Jane Bradley: ‘Friends Reunited’flogs a dead horse as it runsout ofnostalgia

I JUST logged on to Friends Reunited for the first time in more than half a decade. I know this, because my profile tells former classmates that I have “the glamorous life of a reporter on the Edinburgh Evening News” – I left our sister paper in 2007 – and that I am “living with my boyfriend”, with whom I will celebrate our fifth wedding anniversary later this year.

I JUST logged on to Friends Reunited for the first time in more than half a decade. I know this, because my profile tells former classmates that I have “the glamorous life of a reporter on the Edinburgh Evening News” – I left our sister paper in 2007 – and that I am “living with my boyfriend”, with whom I will celebrate our fifth wedding anniversary later this year.

The reason for this trip down memory lane was that the original social networking site announced this week that it is relaunching and focusing on “nostalgic moments”. I can’t help thinking this is dead horse flogging.

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Launched in 1999, the company was sold to ITV for £125m in 2005, before Brightsolid – a subsidiary of Dundee comic publisher DC Thomson – bought it for a piffling £25m four years later. But in its heyday – pre-Facebook, Bebo et al – Friends Reunited was exciting, the first chance for internet users in the UK to communicate with people they had lost touch with.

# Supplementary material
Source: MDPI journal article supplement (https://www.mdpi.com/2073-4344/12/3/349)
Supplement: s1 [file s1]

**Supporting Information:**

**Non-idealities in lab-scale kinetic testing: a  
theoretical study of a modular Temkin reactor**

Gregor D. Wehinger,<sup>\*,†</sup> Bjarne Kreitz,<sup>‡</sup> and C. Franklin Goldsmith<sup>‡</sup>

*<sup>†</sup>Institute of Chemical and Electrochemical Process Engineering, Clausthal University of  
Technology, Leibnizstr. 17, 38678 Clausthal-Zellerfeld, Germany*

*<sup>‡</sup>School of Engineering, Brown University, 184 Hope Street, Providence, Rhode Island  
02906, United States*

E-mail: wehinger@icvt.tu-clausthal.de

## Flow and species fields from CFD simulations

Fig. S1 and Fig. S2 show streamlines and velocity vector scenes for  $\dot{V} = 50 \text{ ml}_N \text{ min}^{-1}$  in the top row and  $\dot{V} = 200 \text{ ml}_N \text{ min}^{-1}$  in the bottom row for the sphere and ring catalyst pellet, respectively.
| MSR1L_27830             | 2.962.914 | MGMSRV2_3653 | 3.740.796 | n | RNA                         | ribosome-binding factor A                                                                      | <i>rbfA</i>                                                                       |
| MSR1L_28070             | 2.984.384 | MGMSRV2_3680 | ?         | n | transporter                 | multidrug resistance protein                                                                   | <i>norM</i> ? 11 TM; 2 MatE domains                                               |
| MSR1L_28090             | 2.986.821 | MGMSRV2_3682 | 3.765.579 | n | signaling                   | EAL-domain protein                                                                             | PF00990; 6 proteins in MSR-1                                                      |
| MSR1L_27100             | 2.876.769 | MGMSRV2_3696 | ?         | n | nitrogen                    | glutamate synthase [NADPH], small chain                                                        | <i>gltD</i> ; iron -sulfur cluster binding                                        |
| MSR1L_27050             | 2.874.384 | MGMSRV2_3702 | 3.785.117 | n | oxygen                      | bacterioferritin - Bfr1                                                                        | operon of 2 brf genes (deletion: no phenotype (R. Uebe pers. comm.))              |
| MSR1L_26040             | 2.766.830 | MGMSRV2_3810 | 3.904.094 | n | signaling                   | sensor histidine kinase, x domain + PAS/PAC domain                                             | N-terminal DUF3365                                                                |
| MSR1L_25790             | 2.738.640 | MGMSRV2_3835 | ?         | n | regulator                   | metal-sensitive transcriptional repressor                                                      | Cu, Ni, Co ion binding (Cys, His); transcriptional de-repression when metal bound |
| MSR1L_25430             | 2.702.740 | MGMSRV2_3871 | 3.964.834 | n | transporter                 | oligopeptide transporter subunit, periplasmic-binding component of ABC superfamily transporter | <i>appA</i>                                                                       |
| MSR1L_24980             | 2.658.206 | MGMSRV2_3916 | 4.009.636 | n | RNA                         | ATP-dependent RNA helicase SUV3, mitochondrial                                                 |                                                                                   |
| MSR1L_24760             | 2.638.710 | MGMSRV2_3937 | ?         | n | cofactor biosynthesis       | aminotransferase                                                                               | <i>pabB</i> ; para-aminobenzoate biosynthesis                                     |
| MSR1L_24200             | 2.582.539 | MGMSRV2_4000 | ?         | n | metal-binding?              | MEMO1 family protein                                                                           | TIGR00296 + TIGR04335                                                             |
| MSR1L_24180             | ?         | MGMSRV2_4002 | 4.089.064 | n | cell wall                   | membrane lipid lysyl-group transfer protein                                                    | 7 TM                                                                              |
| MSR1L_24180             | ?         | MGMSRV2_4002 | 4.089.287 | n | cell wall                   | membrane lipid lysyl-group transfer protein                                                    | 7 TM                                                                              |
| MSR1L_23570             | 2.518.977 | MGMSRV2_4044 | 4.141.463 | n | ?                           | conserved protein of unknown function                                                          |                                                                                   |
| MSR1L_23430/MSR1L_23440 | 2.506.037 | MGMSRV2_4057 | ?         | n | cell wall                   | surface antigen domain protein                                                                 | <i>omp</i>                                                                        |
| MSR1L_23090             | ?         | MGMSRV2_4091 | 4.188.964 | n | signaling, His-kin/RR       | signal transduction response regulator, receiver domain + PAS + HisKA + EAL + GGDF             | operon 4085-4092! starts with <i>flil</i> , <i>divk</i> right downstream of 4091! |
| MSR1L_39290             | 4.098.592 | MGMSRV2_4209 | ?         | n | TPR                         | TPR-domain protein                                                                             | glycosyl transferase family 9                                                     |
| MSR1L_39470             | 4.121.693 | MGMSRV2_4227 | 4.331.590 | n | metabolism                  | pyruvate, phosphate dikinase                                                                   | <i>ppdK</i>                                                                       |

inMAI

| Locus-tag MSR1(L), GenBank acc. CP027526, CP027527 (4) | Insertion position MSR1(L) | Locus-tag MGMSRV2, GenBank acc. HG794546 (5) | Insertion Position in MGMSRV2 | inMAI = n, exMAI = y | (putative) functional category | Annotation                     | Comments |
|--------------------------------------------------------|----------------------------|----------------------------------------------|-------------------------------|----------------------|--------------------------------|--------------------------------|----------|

In North America, Classmates.com did the same. I remember my first invitation to Classmates from a friend in Canada, where I spent a year as a 12-year-old. I joined up, via the giant desktop computer at my parents’ house, trawling through the class lists. I came across names I hadn’t heard in almost a decade, and messaged friends I had lost touch with well before the advent of email.

I spent happy hours, comparing the profiles of now-grown up and glamorous ex-classmates with their speccy, brace-wearing photos in the yearbook and discovering what had happened to them since I headed back across the Atlantic in 1993. That was a real nostalgia-fest. I could practically smell the high school hallways; hear the clank of the lockers between lessons. But this would never happen now. Modern teenagers do not lose touch with anyone. Any vague acquaintance is immediately added to their Facebook profile, where they can stalk them for all eternity – they will not feel nostalgia in the same way.

Friends Reunited might just be able to grab the business of a few older people, who have perhaps not yet joined other social networking sites for a few more years. But its days are inevitably numbered.